The Invictus Initiative

Invictus: Latin; meaning unconquerable, undefeated.

The Invictus Initiative held an informational meeting Monday, April 6th in Marquez Hall to discuss their newest announced trip to Nicaragua this summer. Their third visit there, this trip, as told by Co-founder Mike Kmita, will focus around humanitarian aid that focuses “… less about helping, more about learning and collaborating with them [local individuals].” and developing personal relationships with the people there rather than administering aid and leaving without really coming to know the people met.

The Invictus Initiative is “A non-profit organization that develops relationships with the unconquerable people of the world.” who travels to countries across the world including Brazil, India, and Nicaragua to better understand and relate to the people of the world and assist them in helping themselves. This relationship-driven approach to aid focuses on four main groups of aid, of which the multi-discipline and multi-school group of students has experience: Agriculture, Education, Engineering, and Business. The group is not strictly localized to Mines: students from Denver University and Red Rocks Community College have attended trips, adding invaluable experience in medical and other assorted backgrounds to the group.

This past Spring 2014 the group traveled to Rio de Janeiro, Brazil to meet with a local NGO (Non Government Organization) who owned a community center that fostered free classes for children in the area called CIA (Community In Action). On this trip was current President Carmella Caltagirone among “10-11 others, mostly Mines students.”. During their stay the students helped renovate an empty storage space above the center into a fully functional apartment that brought in a steady cash flow into the community center, allowing for the low cost and free services to remain so. Interstingly enough, a graduate student from CU Boulder rented out the space, hoping to learn more about the local community and culture to round out his work for a PhD in Anthropology.  “We got to see the impact we had made,” said Carmella, who was one among many of the students on many trips who have reported feeling a great sense of purpose and self-understanding resulting from the work they do, including the tendency to “… walk away with a bigger picture…” and the sense that “My knowledge can help people.”.

Safety is often a concern for new travelers, and the Invictus Initiative is sensitive to these concerns. The safety of each trip was strongly supported by both Mike and Carmella, who both agreed that common sense habits like staying together, always having a guide, and partnering only with known local NGO’s have always kept the group safe on their trips. Additionally, it was Carmella’s opinion that “… we felt protected.” even in the favelas of Rio, due primarily to the strong local relationships forged from the group’s activities and connections with local leaders. It is also common that each trip hosts well-traveled students and leaders to guide newer travelers in learning the ropes, so no group is ever unprepared for travel.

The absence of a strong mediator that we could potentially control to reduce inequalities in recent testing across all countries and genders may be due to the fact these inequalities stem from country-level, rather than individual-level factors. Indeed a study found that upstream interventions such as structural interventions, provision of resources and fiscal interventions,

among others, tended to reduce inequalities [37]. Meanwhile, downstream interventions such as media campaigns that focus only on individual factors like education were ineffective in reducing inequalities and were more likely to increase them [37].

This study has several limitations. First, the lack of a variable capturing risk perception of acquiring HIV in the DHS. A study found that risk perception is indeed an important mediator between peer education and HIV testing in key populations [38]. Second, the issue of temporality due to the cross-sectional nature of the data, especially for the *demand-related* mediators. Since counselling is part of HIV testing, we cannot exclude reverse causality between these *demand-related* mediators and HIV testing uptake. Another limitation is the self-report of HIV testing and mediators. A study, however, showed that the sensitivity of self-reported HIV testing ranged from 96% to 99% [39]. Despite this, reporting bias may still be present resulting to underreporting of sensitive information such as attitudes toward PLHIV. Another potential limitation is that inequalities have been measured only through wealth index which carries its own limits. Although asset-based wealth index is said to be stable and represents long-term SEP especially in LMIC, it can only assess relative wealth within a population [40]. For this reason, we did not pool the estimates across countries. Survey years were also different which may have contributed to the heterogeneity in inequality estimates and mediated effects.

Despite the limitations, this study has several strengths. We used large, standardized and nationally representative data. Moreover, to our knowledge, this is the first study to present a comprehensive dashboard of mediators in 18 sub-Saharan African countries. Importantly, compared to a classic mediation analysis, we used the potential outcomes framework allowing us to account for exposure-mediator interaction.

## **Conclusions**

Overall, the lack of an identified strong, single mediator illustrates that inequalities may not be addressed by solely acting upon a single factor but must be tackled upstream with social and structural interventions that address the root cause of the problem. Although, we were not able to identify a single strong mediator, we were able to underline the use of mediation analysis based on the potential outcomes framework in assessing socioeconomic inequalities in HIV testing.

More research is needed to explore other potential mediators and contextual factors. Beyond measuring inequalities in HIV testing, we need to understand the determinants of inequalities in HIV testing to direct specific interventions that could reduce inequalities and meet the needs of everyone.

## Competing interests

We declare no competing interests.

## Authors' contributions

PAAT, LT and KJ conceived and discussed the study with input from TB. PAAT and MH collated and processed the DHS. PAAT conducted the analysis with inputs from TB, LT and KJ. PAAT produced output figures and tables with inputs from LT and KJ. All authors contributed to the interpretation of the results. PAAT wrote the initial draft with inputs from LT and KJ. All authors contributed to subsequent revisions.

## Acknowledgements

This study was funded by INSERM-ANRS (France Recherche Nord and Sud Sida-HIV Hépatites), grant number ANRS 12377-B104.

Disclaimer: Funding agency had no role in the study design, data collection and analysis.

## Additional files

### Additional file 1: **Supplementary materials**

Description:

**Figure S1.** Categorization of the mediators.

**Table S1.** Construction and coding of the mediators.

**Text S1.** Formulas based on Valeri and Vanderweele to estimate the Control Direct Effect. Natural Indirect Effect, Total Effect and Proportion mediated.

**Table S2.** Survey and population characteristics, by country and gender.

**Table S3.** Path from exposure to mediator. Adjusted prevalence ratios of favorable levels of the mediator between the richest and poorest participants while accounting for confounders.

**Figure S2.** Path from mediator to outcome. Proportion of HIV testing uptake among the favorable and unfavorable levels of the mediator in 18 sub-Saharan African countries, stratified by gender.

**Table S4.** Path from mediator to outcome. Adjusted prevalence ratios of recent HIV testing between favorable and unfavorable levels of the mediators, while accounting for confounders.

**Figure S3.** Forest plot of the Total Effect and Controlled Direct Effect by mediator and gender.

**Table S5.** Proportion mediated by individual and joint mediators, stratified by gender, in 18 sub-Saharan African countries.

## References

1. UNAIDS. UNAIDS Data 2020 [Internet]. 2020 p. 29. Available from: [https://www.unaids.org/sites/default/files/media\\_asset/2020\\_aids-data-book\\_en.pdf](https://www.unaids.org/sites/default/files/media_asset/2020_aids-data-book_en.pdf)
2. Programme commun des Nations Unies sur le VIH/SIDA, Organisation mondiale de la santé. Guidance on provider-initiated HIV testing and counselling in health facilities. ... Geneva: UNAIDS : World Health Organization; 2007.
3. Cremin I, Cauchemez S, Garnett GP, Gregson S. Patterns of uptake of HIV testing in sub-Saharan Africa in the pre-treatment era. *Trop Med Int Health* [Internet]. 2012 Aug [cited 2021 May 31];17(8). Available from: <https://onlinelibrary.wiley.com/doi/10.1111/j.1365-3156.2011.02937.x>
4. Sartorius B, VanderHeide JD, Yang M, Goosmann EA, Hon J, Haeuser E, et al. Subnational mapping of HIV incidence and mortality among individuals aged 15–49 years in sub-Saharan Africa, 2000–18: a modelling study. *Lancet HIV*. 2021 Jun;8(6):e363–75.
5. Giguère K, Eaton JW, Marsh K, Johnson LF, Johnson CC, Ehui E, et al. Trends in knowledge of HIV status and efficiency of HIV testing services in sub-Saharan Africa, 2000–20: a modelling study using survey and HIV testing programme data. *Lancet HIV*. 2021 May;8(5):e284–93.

While the Invictus Initiative is “secular” in nature, it is not religiously structured or managed. Indeed, many members have former experience with mission trips in the organization, but its purpose is not to spread religious belief nor does it require religion to join: “No evangelistic tone is set.”.

This current trip, estimated to cost approximately $2,000 per person and last “nine days, at a minimum…”, is intended to focus on three of the four focuses. In engineering, the group hopes to create a freshwater well to supply a village in Yugo Lica, which has never had access to clean, drinkable water. Additionally, the group intends to assist a well-known friend known as “Gato”, a coffee farmer, to transition from growing coffee to growing avocados – a switch, he claims, is due to the changing climate, which affects his coffee crops. Lastly, the group intends to advocate the importance of education to local communities, as many young, school age children view public education as a waste. It is their hope that they can reinforce the value and possibilities of public education not only to the children in the areas they work but also to the families, instilling a value that will trickle down from generation to generation.

Visitors who attended the Invictus meeting will likely agree that the group seems largely different from many community action groups, missionaries, and humanitarians in their scope of activity, tendency to return to previously visited places, and strong bonds with friends across the globe. It is a unique and ambitious collection of individuals who are compelled to change the way we see each other across the world through strong relationships with many people of varying culture and background. While relatively young, the Invictus Initiative at Mines is poised to become a highly reputable organization with great potential, filled with friendly people who are bent on affecting the world for the better.


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